Being creative vs creating knowledge

In response to an earlier post, Renata left a comment and followed up with an email, both of which helped me to clarify my thinking:

I’ve been here twenty years, but I really don’t see how you can call this culture any less creative than any other. All the art from the impressionists were copying Japan, makers of bone china got their inspiration from Imari pottery, Haiku inspired poets to make cinquains and diamantes and discover shape on the page…let’s face it, there is as much freedom where you are as you take.

I wasn’t referring to the ability to be creative so much as the nature of schooling and of the experience of school. Nor was I writing about how students might be outside of class. I was referring to the concepts of an education that merely requires students to reproduce knowledge (“you tell ’em what you’re going to tell ’em, you tell ’em, then you tell ’em what you told ’em, then you test ’em to see if they can tell you what you told ’em”), rather than create new knowledge. It has nothing to do with how creative people may or may not be, but rather what they are expected and allowed to do within the context of schools and classrooms.

Renata adds:

I think the newspaper is feeding on a national myth of free America…sometimes you go half way across the globe to catch up with yourself, but it’s not so much about where you land as what you bring with you…and not having family around when you’re abroad helps sometimes…the US is full of restrictions and patterns you have to fit into without realizing as much as any country.

I’d agree there. Certainly there are common myths about the US, much of which are simply “the-grass-is-greener” syndrome.

I was listening to a young lady artist (singer, forget the name, on the telly) who said she had this idea of freedom in the US and came in for a rude shock when they told her to make grades or go home, that she had to study AND dance, not just dance, and that she had underestimated the severity of US culture (it’s a puritan society, after all).

Yes, Japanese are “amae”. This year I have a handful of Chinese students in a class of 20 Japanese; the English ability of these Chinese students is all over the place, but in terms of hard work, enthusiasm and initiative, they simply wipe the floor. In the end of term listening test I gave, one of the Japanese students noticed the Chinese students taking notes (shock horror!). The Japanese student was so incensed by this “cheating” that he/she lost all interest in taking the test. The Chinese students will make notes of vocab they don’t know, then will either ask me as I walk around the classroom, or look it up on their electronic dictionaries. If they don’t have one, they’ll ask/borrow from someone who does. By contrast, very few of the Japanese students do this: they seem to be waiting for me to tell them what the words mean, or perhaps just waiting for me to tell them to look up the words they don’t know. It’s pretty disheartening, to be honest!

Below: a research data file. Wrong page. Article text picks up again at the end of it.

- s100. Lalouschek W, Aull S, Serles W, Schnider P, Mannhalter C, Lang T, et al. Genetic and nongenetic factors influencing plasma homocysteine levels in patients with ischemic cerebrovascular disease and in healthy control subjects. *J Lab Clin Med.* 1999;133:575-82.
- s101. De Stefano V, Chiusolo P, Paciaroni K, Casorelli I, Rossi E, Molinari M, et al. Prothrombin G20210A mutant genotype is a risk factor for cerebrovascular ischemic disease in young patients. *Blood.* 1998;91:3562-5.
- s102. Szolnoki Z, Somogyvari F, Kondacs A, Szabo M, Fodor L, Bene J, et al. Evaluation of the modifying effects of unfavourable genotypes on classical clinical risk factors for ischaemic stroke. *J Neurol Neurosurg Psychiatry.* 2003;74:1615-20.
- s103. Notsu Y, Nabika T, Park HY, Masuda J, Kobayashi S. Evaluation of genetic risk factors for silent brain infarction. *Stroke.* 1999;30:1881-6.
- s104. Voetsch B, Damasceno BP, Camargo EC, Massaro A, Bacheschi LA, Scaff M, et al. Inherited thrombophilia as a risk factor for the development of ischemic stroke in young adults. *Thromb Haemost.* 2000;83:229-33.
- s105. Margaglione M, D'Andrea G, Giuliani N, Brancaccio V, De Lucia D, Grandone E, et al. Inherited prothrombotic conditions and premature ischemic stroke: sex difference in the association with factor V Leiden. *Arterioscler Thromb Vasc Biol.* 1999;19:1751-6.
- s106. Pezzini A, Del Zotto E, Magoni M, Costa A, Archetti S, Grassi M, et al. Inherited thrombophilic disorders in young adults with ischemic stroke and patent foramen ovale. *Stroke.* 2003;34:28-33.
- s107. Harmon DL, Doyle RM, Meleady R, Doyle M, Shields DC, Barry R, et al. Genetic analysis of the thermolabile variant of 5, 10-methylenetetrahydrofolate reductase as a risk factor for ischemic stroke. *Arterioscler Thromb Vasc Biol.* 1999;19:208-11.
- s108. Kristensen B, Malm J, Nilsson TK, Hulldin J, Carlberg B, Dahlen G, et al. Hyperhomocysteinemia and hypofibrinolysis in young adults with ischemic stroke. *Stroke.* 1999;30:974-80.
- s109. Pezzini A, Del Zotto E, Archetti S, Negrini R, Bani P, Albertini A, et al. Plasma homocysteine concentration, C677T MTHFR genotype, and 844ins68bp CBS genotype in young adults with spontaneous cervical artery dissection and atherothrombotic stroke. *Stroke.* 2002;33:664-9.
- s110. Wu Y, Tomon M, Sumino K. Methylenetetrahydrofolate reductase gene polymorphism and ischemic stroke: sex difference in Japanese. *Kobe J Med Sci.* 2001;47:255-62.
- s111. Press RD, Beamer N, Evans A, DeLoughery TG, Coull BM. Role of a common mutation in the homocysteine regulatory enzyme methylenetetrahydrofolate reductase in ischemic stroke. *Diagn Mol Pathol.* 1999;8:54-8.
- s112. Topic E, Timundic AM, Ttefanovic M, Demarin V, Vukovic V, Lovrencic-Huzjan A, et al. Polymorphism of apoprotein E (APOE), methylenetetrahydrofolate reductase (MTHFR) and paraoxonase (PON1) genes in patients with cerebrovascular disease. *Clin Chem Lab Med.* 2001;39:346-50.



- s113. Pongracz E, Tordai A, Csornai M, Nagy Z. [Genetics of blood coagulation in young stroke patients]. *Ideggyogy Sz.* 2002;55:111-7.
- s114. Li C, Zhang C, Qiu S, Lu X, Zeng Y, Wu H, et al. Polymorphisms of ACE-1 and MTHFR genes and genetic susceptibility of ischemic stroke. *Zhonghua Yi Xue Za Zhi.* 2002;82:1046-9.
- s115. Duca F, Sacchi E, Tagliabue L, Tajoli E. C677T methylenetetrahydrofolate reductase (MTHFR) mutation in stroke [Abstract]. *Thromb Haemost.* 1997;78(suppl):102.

Renata’s comment reminded me of how I felt when I took a group of Japanese students to the UK for a month’s study. The British EFL teachers were pretty frank and scathing in their opinion of the Japanese students’ English and general attitudes. It was a wake-up call, like someone opening a window and letting in fresh air into a dull, overheated room. I had become so accustomed to the atmosphere, I no longer felt it odd.

Yet I have found it impossible to maintain a “tough” attitude, and little by little, laxness returns to the norm. Thanks for the reminder, Renata.

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